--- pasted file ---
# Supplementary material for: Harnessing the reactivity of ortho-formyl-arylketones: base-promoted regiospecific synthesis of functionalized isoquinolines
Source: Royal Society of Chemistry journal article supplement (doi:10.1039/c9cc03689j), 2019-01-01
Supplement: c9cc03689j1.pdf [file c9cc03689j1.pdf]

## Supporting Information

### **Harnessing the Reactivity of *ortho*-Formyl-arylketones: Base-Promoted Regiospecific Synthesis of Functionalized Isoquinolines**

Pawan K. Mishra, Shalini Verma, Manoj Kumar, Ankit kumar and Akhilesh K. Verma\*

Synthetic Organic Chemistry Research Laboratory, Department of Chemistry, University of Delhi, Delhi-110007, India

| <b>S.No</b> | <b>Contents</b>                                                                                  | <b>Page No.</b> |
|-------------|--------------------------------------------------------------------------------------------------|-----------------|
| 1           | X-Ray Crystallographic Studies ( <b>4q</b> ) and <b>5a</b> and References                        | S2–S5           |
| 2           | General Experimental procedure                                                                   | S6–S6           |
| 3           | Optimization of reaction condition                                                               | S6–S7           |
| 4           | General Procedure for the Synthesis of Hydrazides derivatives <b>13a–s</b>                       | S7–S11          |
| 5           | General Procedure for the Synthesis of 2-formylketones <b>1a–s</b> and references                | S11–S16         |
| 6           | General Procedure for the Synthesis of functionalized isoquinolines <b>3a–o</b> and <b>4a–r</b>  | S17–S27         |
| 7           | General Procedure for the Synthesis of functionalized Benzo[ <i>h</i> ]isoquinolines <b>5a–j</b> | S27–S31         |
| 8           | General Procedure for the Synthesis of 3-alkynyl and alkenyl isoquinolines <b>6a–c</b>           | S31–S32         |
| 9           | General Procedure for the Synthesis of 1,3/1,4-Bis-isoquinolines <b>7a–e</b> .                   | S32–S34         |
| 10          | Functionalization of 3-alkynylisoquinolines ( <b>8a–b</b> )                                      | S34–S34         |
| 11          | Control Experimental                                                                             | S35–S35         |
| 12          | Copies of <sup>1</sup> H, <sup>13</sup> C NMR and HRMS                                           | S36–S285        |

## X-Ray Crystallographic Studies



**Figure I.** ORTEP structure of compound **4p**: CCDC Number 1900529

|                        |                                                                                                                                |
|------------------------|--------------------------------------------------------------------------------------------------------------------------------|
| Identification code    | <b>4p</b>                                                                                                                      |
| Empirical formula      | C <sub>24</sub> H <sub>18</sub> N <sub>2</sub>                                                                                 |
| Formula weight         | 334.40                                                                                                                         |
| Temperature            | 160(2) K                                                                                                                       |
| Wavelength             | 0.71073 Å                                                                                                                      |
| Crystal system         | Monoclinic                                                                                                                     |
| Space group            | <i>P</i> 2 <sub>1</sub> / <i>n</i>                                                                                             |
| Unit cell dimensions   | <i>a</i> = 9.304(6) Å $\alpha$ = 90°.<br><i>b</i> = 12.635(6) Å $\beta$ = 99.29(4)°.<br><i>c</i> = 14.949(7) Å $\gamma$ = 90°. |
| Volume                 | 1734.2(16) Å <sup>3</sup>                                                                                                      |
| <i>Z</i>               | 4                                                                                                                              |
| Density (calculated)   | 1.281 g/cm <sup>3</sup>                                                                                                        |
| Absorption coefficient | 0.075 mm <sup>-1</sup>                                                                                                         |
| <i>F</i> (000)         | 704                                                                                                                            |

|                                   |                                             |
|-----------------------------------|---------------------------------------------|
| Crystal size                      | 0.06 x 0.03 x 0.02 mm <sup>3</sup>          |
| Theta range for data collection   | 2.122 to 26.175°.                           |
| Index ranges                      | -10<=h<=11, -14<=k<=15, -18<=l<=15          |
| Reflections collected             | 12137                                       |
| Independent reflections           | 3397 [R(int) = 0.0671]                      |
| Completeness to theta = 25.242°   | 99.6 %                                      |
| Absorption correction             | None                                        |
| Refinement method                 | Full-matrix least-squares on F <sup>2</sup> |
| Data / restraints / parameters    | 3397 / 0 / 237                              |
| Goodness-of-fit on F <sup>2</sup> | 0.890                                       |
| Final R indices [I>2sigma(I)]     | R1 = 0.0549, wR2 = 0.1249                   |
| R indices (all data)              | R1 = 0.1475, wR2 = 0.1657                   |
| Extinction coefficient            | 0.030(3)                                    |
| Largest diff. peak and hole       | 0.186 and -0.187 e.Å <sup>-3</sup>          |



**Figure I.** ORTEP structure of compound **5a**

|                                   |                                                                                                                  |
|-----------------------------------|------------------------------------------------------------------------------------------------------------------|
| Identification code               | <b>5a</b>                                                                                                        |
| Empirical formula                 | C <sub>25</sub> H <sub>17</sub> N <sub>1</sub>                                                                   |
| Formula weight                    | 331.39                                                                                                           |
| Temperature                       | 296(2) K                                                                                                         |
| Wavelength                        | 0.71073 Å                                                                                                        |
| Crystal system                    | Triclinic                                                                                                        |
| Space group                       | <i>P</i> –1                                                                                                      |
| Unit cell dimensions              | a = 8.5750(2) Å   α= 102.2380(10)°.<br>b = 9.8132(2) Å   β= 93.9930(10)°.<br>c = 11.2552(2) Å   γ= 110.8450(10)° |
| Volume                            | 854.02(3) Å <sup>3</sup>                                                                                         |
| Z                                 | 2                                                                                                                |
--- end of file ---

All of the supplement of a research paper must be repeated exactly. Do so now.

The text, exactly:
# Supplementary material for: Harnessing the reactivity of ortho-formyl-arylketones: base-promoted regiospecific synthesis of functionalized isoquinolines
Source: Royal Society of Chemistry journal article supplement (doi:10.1039/c9cc03689j), 2019-01-01
Supplement: c9cc03689j1.pdf [file c9cc03689j1.pdf]

## Supporting Information

### **Harnessing the Reactivity of *ortho*-Formyl-arylketones: Base-Promoted Regiospecific Synthesis of Functionalized Isoquinolines**

Pawan K. Mishra, Shalini Verma, Manoj Kumar, Ankit kumar and Akhilesh K. Verma\*

Synthetic Organic Chemistry Research Laboratory, Department of Chemistry, University of Delhi, Delhi-110007, India

| <b>S.No</b> | <b>Contents</b>                                                                                  | <b>Page No.</b> |
|-------------|--------------------------------------------------------------------------------------------------|-----------------|
| 1           | X-Ray Crystallographic Studies ( <b>4q</b> ) and <b>5a</b> and References                        | S2–S5           |
| 2           | General Experimental procedure                                                                   | S6–S6           |
| 3           | Optimization of reaction condition                                                               | S6–S7           |
| 4           | General Procedure for the Synthesis of Hydrazides derivatives <b>13a–s</b>                       | S7–S11          |
| 5           | General Procedure for the Synthesis of 2-formylketones <b>1a–s</b> and references                | S11–S16         |
| 6           | General Procedure for the Synthesis of functionalized isoquinolines <b>3a–o</b> and <b>4a–r</b>  | S17–S27         |
| 7           | General Procedure for the Synthesis of functionalized Benzo[ <i>h</i> ]isoquinolines <b>5a–j</b> | S27–S31         |
| 8           | General Procedure for the Synthesis of 3-alkynyl and alkenyl isoquinolines <b>6a–c</b>           | S31–S32         |
| 9           | General Procedure for the Synthesis of 1,3/1,4-Bis-isoquinolines <b>7a–e</b> .                   | S32–S34         |
| 10          | Functionalization of 3-alkynylisoquinolines ( <b>8a–b</b> )                                      | S34–S34         |
| 11          | Control Experimental                                                                             | S35–S35         |
| 12          | Copies of <sup>1</sup> H, <sup>13</sup> C NMR and HRMS                                           | S36–S285        |

## X-Ray Crystallographic Studies



**Figure I.** ORTEP structure of compound **4p**: CCDC Number 1900529

|                        |                                                                                                                                |
|------------------------|--------------------------------------------------------------------------------------------------------------------------------|
| Identification code    | <b>4p</b>                                                                                                                      |
| Empirical formula      | C <sub>24</sub> H <sub>18</sub> N <sub>2</sub>                                                                                 |
| Formula weight         | 334.40                                                                                                                         |
| Temperature            | 160(2) K                                                                                                                       |
| Wavelength             | 0.71073 Å                                                                                                                      |
| Crystal system         | Monoclinic                                                                                                                     |
| Space group            | <i>P</i> 2 <sub>1</sub> / <i>n</i>                                                                                             |
| Unit cell dimensions   | <i>a</i> = 9.304(6) Å $\alpha$ = 90°.<br><i>b</i> = 12.635(6) Å $\beta$ = 99.29(4)°.<br><i>c</i> = 14.949(7) Å $\gamma$ = 90°. |
| Volume                 | 1734.2(16) Å <sup>3</sup>                                                                                                      |
| <i>Z</i>               | 4                                                                                                                              |
| Density (calculated)   | 1.281 g/cm <sup>3</sup>                                                                                                        |
| Absorption coefficient | 0.075 mm <sup>-1</sup>                                                                                                         |
| <i>F</i> (000)         | 704                                                                                                                            |

|                                   |                                             |
|-----------------------------------|---------------------------------------------|
| Crystal size                      | 0.06 x 0.03 x 0.02 mm <sup>3</sup>          |
| Theta range for data collection   | 2.122 to 26.175°.                           |
| Index ranges                      | -10<=h<=11, -14<=k<=15, -18<=l<=15          |
| Reflections collected             | 12137                                       |
| Independent reflections           | 3397 [R(int) = 0.0671]                      |
| Completeness to theta = 25.242°   | 99.6 %                                      |
| Absorption correction             | None                                        |
| Refinement method                 | Full-matrix least-squares on F <sup>2</sup> |
| Data / restraints / parameters    | 3397 / 0 / 237                              |
| Goodness-of-fit on F <sup>2</sup> | 0.890                                       |
| Final R indices [I>2sigma(I)]     | R1 = 0.0549, wR2 = 0.1249                   |
| R indices (all data)              | R1 = 0.1475, wR2 = 0.1657                   |
| Extinction coefficient            | 0.030(3)                                    |
| Largest diff. peak and hole       | 0.186 and -0.187 e.Å <sup>-3</sup>          |



**Figure I.** ORTEP structure of compound **5a**

|                                   |                                                                                                                  |
|-----------------------------------|------------------------------------------------------------------------------------------------------------------|
| Identification code               | <b>5a</b>                                                                                                        |
| Empirical formula                 | C <sub>25</sub> H <sub>17</sub> N <sub>1</sub>                                                                   |
| Formula weight                    | 331.39                                                                                                           |
| Temperature                       | 296(2) K                                                                                                         |
| Wavelength                        | 0.71073 Å                                                                                                        |
| Crystal system                    | Triclinic                                                                                                        |
| Space group                       | <i>P</i> –1                                                                                                      |
| Unit cell dimensions              | a = 8.5750(2) Å   α= 102.2380(10)°.<br>b = 9.8132(2) Å   β= 93.9930(10)°.<br>c = 11.2552(2) Å   γ= 110.8450(10)° |
| Volume                            | 854.02(3) Å <sup>3</sup>                                                                                         |
| Z                                 | 2                                                                                                                |